• Where other people think you are or think you ought to be when they are busy with their own agendas.

Living a life of truth is taking responsibility for your own choices in life and realizing exactly where you are. Once you do, you are empowered to move forward because there is no longer confusion or lack of clarity. When you live life with a deep sense of inner strength, you feel as if you are in touch with a source of energy far beyond your own. 


When both your mind and heart are aligned with reality, the power is liberating. When you do something out of duty, you need to muster all of your energies to get the task done. When you do something that gives you meaning and value, you hardly notice the demands on your energy—in fact, it seems to generate new energy.


Leaders like us ask the same question as Pontius Pilate. We ask, What does truth look like for me? Where is my heart leading me to go? 

The only thing stopping you from pursuing what is true for you is fear; the only thing that will get you past this fear is courage

What you do with your life isn’t up to your parents, your boss, or your spouse. It’s up to you and you alone. You are the only one who can push past the illusion and embrace your own truth. 

To be mentally tough, you need to promise yourself that you will keep fighting, slap adversity in the face, and become a fearsome force to be reckoned with!


Here are 14 promises to make to yourself when you hit tough times:

  1. Identify an opportunity that you know is worthwhile but that you’ve been afraid to pursue, and go for it anyway.
  2. Make a commitment to a specific course of action that makes facing one of your fears unavoidable.
  3. Do one thing today that scares you.
  4. Discover a path that has heart for you and find a way you can honor that path right now.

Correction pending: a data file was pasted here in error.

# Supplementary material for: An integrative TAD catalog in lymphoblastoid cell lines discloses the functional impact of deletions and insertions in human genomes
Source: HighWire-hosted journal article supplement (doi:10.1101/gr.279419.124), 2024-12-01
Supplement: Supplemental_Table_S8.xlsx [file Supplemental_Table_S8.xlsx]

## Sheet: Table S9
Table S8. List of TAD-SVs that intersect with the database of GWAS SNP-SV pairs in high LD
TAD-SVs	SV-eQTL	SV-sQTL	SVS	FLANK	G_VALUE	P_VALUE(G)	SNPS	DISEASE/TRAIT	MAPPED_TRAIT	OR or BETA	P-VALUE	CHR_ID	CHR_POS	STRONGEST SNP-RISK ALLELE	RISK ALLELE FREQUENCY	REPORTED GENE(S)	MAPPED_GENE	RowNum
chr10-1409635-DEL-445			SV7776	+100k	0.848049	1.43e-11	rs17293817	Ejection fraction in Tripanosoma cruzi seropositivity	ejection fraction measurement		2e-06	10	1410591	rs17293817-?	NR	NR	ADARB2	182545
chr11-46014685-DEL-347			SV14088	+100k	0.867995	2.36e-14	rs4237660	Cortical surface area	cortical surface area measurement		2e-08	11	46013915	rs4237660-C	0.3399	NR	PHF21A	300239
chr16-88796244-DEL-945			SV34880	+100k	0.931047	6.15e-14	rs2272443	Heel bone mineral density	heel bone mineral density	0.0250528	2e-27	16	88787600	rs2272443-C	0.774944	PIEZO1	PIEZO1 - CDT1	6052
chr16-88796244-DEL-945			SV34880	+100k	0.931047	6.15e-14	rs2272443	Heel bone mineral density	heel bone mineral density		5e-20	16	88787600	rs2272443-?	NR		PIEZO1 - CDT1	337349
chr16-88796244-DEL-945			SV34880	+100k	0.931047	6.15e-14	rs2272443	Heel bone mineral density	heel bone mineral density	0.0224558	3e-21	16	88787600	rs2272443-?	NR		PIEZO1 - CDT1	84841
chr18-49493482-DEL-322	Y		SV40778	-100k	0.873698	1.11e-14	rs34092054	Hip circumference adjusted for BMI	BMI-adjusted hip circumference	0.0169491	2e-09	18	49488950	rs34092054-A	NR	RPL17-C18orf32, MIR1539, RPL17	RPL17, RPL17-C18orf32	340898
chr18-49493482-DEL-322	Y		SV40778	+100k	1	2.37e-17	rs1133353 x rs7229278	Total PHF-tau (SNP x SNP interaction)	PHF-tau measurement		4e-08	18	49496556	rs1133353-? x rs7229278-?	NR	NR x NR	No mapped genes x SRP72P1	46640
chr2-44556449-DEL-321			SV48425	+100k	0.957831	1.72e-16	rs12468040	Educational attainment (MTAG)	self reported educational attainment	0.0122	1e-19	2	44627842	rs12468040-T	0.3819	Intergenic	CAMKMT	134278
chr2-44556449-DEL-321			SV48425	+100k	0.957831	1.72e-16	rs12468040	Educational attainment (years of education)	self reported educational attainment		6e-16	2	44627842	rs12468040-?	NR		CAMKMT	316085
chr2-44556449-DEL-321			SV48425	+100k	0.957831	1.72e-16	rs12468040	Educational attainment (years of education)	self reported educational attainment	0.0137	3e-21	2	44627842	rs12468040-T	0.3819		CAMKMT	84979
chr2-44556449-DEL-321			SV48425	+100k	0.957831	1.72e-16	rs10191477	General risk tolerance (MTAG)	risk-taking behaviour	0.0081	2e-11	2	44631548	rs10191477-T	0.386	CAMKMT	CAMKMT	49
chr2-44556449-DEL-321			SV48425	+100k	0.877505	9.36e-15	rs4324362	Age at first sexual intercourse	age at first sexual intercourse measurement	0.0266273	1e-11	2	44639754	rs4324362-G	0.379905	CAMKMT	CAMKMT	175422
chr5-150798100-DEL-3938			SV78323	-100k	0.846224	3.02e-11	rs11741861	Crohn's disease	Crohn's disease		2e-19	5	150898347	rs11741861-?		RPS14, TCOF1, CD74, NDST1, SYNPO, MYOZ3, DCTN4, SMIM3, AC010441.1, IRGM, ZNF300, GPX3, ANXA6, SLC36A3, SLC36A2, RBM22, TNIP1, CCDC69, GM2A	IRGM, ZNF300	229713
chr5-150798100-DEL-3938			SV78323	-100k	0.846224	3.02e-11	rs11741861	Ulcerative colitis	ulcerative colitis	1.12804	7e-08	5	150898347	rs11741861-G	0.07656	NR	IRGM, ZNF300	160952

5. List five things you’ve been procrastinating about and plan to take some action on all five this week.
  6. Identify five people who can help you achieve your dreams and goals and find ways to bring them into your life.
  7. Using details, describe something that you will make you very happy.
  8. Write down your definition of success.
  9. Make a list of causes you are passionate about and then get involved.
  10. Identify something you’ve always wanted to do but haven’t done.
  11. Keep your word.
  12. Forgive everyone, especially yourself.
  13. Move forward.
  14. Brainstorm a list of 20 new ideas on ways to improve your life.

Finding your own truth will lead to your true nature, not the illusion that the ego represents. Fear can keep you from shattering that illusion but if you have the mental toughness to be courageous, you will have answered the greatest question of all: What is your truth?

What promises have you made to yourself when life gets tough?

© 2014 LaRaeQuy. All rights reserved.


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52 Tips cover smallAuthor of “Mental Toughness for Women Leaders: 52 Tips To Recognize and Utilize Your Greatest Strengths

SSecrets of a Strong Mind.”

The Secret To A Successful Mindset

October 12th, 2014 by LaRae Quy

FBI agents are required to qualify at firearms at least four times a year throughout their career. Years of training in mock arrest scenarios and target practice prepare agents to respond to threats automatically. When confronted with fast-moving situations, there is no time for decision making—they must rely on instinct to survive. 

Voice heard - leopard

Training is an important component of mental toughness because it builds confidence, produces a sense of control, and provides insights into our behavior when we’re pushed to our limits. These traits help successful leaders make good decisions in life.

Let’s take a closer look at the secrets to a successful mindset:


1. Prepare to Win

It’s not the will to win that matters—everyone has that. It’s the will to prepare to win that matters—Bear Bryant

As an FBI agent I dreaded Firearms Training. I shot over 3,000 rounds from my Smith & Wesson .38 caliber revolver before graduating from the FBI Academy. The soft flesh between my thumb and forefinger was bruised from the recoil. During the next 24 years I transitioned from a Sig Sauer automatic to a Glock, each gun requiring the same level of expertise and familiarity.

If confronted with the stress of a gunfight or arrest situation, it would be too late to stop and think about when and how to use my weapon. My training prepared a mindset that could make good decisions quickly.